UNIVERSITY TRACK RESIDENT
Hi! I’m Ben. I spent the first 24 years of my life in New York City, where I developed a strong affinity for bagels, art museums, and public transportation. After studying English and Narrative Medicine at Columbia University and spending two years as a clinical research coordinator, I headed south to attend the UNC School of Medicine. I had such a great time that I chose to take an additional MPH year at the Gillings School of Global Public Health — and, eventually, to stay at this beautiful place for my residency training.
My main professional mission is to make health and wellness accessible to as many people as possible. For me, this encompasses a number of different efforts, both within and outside of the healthcare system. As a full-spectrum family physician, I will provide gender-affirming care, Medication-Assisted Treatment, and other critical services for people and communities with limited access to healthcare. In my role as a health disparities researcher and advocate, I am committed to dismantling structural racism, transphobia, and other systems of oppression that shape our state’s and our nation’s marked health disparities. As a writer and visual artist, I do my best to encourage conversation around social justice, mental health, trauma, and other critical topics that may be challenging to discuss.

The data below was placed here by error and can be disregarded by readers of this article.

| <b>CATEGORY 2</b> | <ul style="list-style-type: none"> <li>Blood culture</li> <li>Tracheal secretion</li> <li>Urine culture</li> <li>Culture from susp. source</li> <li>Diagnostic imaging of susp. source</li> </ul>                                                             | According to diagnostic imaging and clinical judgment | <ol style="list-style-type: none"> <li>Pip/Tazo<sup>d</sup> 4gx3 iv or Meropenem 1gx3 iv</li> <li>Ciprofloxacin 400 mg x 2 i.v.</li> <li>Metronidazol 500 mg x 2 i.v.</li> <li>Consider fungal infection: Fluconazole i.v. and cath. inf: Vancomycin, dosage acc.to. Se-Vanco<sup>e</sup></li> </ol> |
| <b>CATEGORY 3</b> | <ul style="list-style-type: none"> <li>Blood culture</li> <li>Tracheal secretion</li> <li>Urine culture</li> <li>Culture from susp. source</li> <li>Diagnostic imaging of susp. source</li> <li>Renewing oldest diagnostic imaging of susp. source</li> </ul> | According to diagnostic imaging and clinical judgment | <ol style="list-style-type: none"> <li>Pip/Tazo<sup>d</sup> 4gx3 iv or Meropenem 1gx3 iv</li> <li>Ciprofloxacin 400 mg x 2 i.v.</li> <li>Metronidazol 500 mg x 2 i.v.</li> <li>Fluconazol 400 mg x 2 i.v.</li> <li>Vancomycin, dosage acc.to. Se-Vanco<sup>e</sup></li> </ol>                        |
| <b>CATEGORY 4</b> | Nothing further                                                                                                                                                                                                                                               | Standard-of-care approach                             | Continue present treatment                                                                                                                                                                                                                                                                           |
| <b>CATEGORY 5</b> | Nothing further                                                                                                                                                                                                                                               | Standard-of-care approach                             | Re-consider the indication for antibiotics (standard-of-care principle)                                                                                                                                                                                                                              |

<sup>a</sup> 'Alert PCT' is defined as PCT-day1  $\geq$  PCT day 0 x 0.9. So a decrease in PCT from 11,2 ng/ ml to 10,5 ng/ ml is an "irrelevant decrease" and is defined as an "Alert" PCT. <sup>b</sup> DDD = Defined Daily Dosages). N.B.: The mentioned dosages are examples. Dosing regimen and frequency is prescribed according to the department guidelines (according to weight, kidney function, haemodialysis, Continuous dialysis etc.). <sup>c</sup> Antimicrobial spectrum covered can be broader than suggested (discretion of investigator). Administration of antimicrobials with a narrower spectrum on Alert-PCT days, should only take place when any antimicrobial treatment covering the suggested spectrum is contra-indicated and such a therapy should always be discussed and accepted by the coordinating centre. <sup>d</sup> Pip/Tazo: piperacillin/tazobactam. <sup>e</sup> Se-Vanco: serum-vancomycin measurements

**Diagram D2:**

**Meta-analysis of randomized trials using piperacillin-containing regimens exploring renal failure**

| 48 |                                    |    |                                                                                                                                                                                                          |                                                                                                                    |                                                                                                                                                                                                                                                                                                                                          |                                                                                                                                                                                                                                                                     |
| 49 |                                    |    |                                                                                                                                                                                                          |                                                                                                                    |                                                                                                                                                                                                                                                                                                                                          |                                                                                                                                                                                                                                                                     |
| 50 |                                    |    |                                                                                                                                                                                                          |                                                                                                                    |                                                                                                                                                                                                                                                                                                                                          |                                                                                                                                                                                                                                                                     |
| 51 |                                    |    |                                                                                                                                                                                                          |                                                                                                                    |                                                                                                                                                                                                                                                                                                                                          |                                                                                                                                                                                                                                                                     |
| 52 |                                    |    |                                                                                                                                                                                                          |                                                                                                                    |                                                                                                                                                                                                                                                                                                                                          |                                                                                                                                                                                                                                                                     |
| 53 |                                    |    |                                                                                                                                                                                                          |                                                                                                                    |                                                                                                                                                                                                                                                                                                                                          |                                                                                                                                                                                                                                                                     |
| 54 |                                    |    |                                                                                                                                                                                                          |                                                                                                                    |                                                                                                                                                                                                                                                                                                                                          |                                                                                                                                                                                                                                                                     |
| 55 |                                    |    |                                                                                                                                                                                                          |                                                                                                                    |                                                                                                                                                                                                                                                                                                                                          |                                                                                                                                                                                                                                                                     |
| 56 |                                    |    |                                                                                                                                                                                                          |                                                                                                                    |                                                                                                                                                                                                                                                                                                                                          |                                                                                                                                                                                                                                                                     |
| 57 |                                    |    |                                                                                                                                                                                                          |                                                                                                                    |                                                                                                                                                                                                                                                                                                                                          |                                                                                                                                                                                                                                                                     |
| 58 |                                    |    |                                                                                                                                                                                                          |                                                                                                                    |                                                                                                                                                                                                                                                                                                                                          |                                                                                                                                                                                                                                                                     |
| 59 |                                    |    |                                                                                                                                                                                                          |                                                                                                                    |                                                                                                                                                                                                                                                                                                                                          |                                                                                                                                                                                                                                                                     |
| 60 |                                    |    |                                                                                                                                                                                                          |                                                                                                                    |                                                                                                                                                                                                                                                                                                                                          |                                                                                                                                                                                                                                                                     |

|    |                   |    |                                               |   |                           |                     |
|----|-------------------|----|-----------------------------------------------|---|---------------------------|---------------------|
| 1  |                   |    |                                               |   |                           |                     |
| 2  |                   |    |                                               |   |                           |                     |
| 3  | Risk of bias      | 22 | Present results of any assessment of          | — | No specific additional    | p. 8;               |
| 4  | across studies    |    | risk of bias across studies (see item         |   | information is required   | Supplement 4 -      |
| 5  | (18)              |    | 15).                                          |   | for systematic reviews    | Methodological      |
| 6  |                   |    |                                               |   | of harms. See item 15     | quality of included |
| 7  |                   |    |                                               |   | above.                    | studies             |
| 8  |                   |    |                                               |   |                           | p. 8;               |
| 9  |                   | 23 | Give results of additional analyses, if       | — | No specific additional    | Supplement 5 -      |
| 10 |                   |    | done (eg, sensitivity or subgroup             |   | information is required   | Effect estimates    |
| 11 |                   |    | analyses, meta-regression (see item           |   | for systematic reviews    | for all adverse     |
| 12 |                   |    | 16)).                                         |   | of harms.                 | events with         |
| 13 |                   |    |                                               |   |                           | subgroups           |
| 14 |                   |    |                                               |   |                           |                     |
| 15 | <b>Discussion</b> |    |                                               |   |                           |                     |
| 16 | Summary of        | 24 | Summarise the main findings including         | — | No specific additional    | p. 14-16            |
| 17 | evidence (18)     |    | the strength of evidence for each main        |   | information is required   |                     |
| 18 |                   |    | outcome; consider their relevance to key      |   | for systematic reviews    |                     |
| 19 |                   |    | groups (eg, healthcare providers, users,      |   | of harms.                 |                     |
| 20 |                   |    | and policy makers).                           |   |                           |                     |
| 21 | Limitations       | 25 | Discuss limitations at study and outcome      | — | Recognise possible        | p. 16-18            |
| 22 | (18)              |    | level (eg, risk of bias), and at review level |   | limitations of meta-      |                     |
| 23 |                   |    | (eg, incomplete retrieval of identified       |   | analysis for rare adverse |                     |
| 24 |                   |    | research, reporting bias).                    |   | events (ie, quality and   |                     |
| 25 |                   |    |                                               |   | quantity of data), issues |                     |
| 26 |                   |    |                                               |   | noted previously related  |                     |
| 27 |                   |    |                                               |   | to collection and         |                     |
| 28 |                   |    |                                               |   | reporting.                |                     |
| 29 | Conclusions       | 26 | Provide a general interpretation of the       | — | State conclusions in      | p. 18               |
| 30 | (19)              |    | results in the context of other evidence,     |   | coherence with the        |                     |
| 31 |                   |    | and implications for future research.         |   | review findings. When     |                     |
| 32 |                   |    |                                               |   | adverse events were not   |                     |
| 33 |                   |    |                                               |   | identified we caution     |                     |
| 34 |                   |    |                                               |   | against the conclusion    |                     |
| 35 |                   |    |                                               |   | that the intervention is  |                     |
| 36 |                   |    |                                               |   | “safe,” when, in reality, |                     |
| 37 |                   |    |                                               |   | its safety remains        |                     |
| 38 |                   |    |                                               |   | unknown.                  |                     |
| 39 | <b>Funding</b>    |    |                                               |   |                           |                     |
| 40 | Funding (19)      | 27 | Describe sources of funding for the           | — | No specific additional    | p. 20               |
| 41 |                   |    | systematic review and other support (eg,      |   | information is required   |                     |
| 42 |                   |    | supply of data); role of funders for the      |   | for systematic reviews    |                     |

I feel incredibly fortunate to have found a professional home that embraces all of these facets and more. When considering residency programs, I knew I wanted to wind up somewhere with robust, full-spectrum training and strong roots in both academic and community medicine. But what really kept me here, at the end of the day, was the people. I am endlessly inspired by the folks with whom I work every day, and am so grateful to continue serving and learning from the people of North Carolina. I look forward to meeting you!
Clinical interests: LGBTQ+ health, gender-affirming care, trauma-informed care, complex care
Research interests: health disparities research, community-based participatory research, Photovoice, social medicine, narrative medicine